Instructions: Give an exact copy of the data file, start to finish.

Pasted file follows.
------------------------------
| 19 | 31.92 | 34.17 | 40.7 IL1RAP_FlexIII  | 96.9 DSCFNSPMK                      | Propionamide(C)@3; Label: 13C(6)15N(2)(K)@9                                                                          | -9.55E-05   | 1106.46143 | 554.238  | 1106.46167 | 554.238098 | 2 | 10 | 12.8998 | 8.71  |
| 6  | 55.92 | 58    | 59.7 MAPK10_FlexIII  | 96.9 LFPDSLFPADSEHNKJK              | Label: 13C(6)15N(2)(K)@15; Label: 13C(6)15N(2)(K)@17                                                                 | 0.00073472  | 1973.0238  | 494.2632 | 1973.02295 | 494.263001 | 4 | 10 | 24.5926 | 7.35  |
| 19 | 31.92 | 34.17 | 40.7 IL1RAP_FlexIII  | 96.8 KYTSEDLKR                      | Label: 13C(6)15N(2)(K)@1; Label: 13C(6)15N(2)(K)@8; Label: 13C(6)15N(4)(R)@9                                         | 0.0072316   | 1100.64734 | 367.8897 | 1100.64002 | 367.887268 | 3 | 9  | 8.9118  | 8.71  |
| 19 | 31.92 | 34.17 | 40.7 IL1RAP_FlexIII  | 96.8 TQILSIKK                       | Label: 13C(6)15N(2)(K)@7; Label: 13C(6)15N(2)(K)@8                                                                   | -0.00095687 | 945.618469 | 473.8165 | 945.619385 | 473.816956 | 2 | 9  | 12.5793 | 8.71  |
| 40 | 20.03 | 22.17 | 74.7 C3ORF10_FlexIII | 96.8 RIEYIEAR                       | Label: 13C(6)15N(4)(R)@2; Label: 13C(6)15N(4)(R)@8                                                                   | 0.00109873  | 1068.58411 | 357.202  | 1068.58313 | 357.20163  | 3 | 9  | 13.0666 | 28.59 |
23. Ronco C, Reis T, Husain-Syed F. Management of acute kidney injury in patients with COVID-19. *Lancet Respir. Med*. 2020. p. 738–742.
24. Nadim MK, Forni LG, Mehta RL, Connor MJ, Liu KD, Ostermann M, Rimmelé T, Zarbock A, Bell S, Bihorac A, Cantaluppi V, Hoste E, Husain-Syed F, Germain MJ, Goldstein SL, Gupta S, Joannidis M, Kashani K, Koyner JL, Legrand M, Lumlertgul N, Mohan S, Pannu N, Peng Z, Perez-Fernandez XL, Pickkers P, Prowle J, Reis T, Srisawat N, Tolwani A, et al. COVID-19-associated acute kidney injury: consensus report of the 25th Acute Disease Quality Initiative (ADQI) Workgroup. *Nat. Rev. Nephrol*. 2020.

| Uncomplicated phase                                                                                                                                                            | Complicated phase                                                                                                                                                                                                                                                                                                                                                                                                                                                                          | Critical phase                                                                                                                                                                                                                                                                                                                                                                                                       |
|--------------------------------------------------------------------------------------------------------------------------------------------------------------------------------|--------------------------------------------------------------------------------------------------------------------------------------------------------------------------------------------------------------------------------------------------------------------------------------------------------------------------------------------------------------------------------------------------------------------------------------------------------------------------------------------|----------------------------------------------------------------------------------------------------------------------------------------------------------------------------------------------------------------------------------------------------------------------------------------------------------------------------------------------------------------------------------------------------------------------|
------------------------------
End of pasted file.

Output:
| 19 | 31.92 | 34.17 | 40.7 IL1RAP_FlexIII  | 96.9 DSCFNSPMK                      | Propionamide(C)@3; Label: 13C(6)15N(2)(K)@9                                                                          | -9.55E-05   | 1106.46143 | 554.238  | 1106.46167 | 554.238098 | 2 | 10 | 12.8998 | 8.71  |
| 6  | 55.92 | 58    | 59.7 MAPK10_FlexIII  | 96.9 LFPDSLFPADSEHNKJK              | Label: 13C(6)15N(2)(K)@15; Label: 13C(6)15N(2)(K)@17                                                                 | 0.00073472  | 1973.0238  | 494.2632 | 1973.02295 | 494.263001 | 4 | 10 | 24.5926 | 7.35  |
| 19 | 31.92 | 34.17 | 40.7 IL1RAP_FlexIII  | 96.8 KYTSEDLKR                      | Label: 13C(6)15N(2)(K)@1; Label: 13C(6)15N(2)(K)@8; Label: 13C(6)15N(4)(R)@9                                         | 0.0072316   | 1100.64734 | 367.8897 | 1100.64002 | 367.887268 | 3 | 9  | 8.9118  | 8.71  |
| 19 | 31.92 | 34.17 | 40.7 IL1RAP_FlexIII  | 96.8 TQILSIKK                       | Label: 13C(6)15N(2)(K)@7; Label: 13C(6)15N(2)(K)@8                                                                   | -0.00095687 | 945.618469 | 473.8165 | 945.619385 | 473.816956 | 2 | 9  | 12.5793 | 8.71  |
| 40 | 20.03 | 22.17 | 74.7 C3ORF10_FlexIII | 96.8 RIEYIEAR                       | Label: 13C(6)15N(4)(R)@2; Label: 13C(6)15N(4)(R)@8                                                                   | 0.00109873  | 1068.58411 | 357.202  | 1068.58313 | 357.20163  | 3 | 9  | 13.0666 | 28.59 |
23. Ronco C, Reis T, Husain-Syed F. Management of acute kidney injury in patients with COVID-19. *Lancet Respir. Med*. 2020. p. 738–742.
24. Nadim MK, Forni LG, Mehta RL, Connor MJ, Liu KD, Ostermann M, Rimmelé T, Zarbock A, Bell S, Bihorac A, Cantaluppi V, Hoste E, Husain-Syed F, Germain MJ, Goldstein SL, Gupta S, Joannidis M, Kashani K, Koyner JL, Legrand M, Lumlertgul N, Mohan S, Pannu N, Peng Z, Perez-Fernandez XL, Pickkers P, Prowle J, Reis T, Srisawat N, Tolwani A, et al. COVID-19-associated acute kidney injury: consensus report of the 25th Acute Disease Quality Initiative (ADQI) Workgroup. *Nat. Rev. Nephrol*. 2020.

| Uncomplicated phase                                                                                                                                                            | Complicated phase                                                                                                                                                                                                                                                                                                                                                                                                                                                                          | Critical phase                                                                                                                                                                                                                                                                                                                                                                                                       |
|--------------------------------------------------------------------------------------------------------------------------------------------------------------------------------|--------------------------------------------------------------------------------------------------------------------------------------------------------------------------------------------------------------------------------------------------------------------------------------------------------------------------------------------------------------------------------------------------------------------------------------------------------------------------------------------|----------------------------------------------------------------------------------------------------------------------------------------------------------------------------------------------------------------------------------------------------------------------------------------------------------------------------------------------------------------------------------------------------------------------|